Graceling, a sort of prequel set in the same universe, but not on the same lands, with different characters and different elements. In short, if it weren't for one character in common and some references to the Graceling world, it could have been a totally different book.
This book takes place on the other side of the mountains, where there are no Gracelings, but that doesn't mean there aren't special powers. What exists in The Dells are special people and animals, which draw the normal ones to them, and have powers of their own. These are called monsters, and Fire, the protagonist of the book, is one of them. But, even if the name suggests something hideous, Fire can only be described as a great beauty, which mesmerises most men, to the point marriages proposals (among other things) are commonplace for her.
The story starts with an archer that mistakenly shoots Fire, but before he can say who he is and who he is working for he is killed. Fire will try to discover who was this archer, getting tangled up in political matters. However, as a monster, people don't trust her, and she has decide if helping her King is worth both the distrust of everyone and the fact that they are using her for her monster-qualities.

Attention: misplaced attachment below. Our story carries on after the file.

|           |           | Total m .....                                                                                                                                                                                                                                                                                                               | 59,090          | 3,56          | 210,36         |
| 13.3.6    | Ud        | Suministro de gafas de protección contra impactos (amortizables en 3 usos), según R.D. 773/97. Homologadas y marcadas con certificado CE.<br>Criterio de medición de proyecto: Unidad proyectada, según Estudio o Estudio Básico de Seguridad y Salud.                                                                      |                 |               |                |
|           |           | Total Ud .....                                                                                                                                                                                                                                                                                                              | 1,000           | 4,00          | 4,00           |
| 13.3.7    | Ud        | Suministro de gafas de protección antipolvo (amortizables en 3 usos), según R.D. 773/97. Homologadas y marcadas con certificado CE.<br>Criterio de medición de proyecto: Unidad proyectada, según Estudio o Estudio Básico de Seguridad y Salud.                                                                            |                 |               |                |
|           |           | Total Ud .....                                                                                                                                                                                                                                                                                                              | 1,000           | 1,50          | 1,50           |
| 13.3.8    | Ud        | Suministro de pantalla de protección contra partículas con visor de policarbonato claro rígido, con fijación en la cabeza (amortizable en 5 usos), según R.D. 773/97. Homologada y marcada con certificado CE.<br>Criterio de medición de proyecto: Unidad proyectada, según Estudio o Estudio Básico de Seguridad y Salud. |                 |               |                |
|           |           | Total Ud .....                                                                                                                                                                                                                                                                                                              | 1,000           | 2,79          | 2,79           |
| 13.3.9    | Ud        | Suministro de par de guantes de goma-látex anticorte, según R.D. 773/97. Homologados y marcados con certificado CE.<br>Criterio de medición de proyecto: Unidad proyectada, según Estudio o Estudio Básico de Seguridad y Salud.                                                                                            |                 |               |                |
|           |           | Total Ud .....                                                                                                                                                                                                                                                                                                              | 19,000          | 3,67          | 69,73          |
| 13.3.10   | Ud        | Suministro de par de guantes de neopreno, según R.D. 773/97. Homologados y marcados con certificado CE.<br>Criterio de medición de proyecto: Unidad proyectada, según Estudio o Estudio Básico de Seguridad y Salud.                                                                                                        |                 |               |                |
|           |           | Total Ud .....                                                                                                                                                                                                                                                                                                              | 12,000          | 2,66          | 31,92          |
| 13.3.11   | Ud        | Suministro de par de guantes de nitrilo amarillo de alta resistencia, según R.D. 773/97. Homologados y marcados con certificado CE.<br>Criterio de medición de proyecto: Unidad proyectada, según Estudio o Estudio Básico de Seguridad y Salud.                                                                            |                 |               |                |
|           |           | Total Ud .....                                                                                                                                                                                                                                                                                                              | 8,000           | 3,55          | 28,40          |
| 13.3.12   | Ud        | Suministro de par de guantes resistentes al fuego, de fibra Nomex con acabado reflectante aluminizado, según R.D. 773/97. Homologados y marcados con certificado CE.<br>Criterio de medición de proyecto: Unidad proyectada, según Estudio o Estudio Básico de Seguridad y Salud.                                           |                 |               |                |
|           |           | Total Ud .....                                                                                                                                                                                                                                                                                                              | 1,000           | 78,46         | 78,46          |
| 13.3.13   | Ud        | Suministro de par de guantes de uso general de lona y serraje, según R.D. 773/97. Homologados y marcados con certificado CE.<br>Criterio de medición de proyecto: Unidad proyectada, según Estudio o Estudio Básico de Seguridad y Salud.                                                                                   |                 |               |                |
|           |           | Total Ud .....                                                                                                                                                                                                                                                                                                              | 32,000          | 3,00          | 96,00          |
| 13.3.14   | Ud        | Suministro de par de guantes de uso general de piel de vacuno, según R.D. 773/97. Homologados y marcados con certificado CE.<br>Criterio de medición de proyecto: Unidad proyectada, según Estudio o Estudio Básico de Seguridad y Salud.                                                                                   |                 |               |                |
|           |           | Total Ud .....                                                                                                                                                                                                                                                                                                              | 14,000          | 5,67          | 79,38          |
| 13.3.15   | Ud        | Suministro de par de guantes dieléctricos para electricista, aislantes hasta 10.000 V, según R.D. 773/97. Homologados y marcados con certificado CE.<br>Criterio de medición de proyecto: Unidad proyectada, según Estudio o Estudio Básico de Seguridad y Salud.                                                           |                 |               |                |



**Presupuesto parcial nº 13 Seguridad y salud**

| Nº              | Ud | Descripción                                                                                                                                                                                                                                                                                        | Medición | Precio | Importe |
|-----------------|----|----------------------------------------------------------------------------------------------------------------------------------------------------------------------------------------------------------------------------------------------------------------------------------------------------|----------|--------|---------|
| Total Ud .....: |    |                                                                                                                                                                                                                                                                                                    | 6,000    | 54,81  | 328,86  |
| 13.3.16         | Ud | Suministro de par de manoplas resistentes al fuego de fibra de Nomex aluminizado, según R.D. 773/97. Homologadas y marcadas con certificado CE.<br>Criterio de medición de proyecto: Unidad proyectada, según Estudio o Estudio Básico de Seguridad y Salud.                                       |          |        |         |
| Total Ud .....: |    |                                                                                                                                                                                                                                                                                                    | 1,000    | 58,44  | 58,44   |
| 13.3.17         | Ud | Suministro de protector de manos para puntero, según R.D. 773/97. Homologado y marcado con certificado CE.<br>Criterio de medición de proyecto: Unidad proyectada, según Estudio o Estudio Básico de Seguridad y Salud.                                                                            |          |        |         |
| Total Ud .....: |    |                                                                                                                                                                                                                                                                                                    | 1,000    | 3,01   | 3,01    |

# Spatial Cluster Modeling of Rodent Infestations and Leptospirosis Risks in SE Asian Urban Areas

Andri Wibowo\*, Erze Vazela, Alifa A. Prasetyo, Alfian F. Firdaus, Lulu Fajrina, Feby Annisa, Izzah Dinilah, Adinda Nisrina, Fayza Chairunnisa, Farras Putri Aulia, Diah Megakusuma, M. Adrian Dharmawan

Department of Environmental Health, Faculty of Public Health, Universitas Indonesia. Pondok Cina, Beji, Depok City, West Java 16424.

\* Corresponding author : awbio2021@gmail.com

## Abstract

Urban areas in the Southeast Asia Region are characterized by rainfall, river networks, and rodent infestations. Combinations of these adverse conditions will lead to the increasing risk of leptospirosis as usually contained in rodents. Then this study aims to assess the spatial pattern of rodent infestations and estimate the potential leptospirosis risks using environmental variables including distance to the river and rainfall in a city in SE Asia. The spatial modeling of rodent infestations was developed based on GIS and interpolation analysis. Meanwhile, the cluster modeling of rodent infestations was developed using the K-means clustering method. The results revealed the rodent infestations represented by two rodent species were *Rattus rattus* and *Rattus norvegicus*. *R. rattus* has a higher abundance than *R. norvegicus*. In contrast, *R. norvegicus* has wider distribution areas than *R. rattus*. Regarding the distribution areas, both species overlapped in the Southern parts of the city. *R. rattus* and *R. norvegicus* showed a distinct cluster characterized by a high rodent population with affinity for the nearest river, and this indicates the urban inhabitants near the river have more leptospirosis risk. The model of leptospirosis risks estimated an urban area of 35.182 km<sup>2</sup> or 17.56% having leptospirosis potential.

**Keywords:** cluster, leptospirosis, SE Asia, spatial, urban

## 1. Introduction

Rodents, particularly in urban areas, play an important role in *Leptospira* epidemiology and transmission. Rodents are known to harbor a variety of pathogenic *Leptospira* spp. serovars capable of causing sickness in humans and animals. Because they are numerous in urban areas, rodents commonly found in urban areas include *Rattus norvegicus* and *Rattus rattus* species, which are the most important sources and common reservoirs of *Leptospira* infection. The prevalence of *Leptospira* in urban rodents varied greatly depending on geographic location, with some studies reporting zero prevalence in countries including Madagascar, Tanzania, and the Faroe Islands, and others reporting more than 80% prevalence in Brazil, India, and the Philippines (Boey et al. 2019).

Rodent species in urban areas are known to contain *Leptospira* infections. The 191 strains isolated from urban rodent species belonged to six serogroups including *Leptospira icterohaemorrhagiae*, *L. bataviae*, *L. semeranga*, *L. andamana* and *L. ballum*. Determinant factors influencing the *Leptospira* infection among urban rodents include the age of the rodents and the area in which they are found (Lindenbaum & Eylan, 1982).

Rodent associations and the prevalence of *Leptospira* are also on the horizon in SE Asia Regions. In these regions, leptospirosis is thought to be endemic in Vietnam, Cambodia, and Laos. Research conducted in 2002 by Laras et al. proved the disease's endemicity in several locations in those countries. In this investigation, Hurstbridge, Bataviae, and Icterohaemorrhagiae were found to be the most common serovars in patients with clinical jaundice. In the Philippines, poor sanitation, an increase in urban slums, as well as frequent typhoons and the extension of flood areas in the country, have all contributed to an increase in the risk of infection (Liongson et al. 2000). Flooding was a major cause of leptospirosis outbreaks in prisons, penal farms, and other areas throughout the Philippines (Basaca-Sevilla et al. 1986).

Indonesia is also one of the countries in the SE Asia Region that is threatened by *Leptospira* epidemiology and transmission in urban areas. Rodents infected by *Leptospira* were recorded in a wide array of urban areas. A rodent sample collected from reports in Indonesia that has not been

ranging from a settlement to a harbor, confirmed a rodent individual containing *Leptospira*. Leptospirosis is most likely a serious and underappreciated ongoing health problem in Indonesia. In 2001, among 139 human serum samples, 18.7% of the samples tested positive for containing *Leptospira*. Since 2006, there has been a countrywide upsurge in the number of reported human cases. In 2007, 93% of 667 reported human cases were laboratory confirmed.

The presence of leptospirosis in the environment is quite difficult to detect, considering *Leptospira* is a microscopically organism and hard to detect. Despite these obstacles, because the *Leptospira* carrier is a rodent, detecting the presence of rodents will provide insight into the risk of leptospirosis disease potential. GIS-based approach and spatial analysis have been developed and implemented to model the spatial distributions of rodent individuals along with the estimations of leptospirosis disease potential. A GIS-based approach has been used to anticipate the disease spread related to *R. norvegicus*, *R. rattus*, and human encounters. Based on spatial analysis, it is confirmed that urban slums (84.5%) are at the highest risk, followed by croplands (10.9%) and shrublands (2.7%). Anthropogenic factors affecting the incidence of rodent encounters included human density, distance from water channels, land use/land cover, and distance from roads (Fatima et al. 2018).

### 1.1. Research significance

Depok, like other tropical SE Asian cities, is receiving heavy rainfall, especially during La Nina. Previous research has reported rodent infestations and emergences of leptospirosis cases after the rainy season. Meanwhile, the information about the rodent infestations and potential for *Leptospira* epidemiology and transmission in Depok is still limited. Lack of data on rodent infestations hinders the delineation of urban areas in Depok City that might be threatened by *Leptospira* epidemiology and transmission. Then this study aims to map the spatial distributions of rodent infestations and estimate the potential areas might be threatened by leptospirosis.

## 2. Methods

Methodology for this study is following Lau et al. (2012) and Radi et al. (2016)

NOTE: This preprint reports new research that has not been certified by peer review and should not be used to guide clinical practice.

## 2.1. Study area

I believe I shouldn't have read this book right after Graceling, it suffered from comparison. Because while I liked this one, it didn't make me squee like a schoolgirl the way Graceling did. But I really should try to make a review that the doesn't focus on the differences between the first and second book (and will undoubtedly fail).
Fire is interesting, with a political plot as well as some romance. It was easy to go to this new world, even with what I knew from the first one. I kept turning page after page, not noticing the end was coming, and that the hours were passing.
I really have to show my admiration for the author, because it is not easy to come up with a world where there are fuchsia raptors, and not making it sound like a bad trip on acid. Fuchsia and lime animals didn't make me stare at the pages in disbelief, it added more magic to a place that I kept seeing in dull greys and browns.
If in Graceling one of the themes was Kings, in Fire we have Fathers, and I enjoyed slowly learning about Fire's father, even if there was not much surprise to its ending. It served to show how Fire grew, and the reason to a lot of the discrimination and hate she was constantly facing.
I liked this book, but kept comparing it to Graceling, which is not really fair. The book stands well on its own, it is very enjoyable, with a good plot, good characters and good worldbuilding.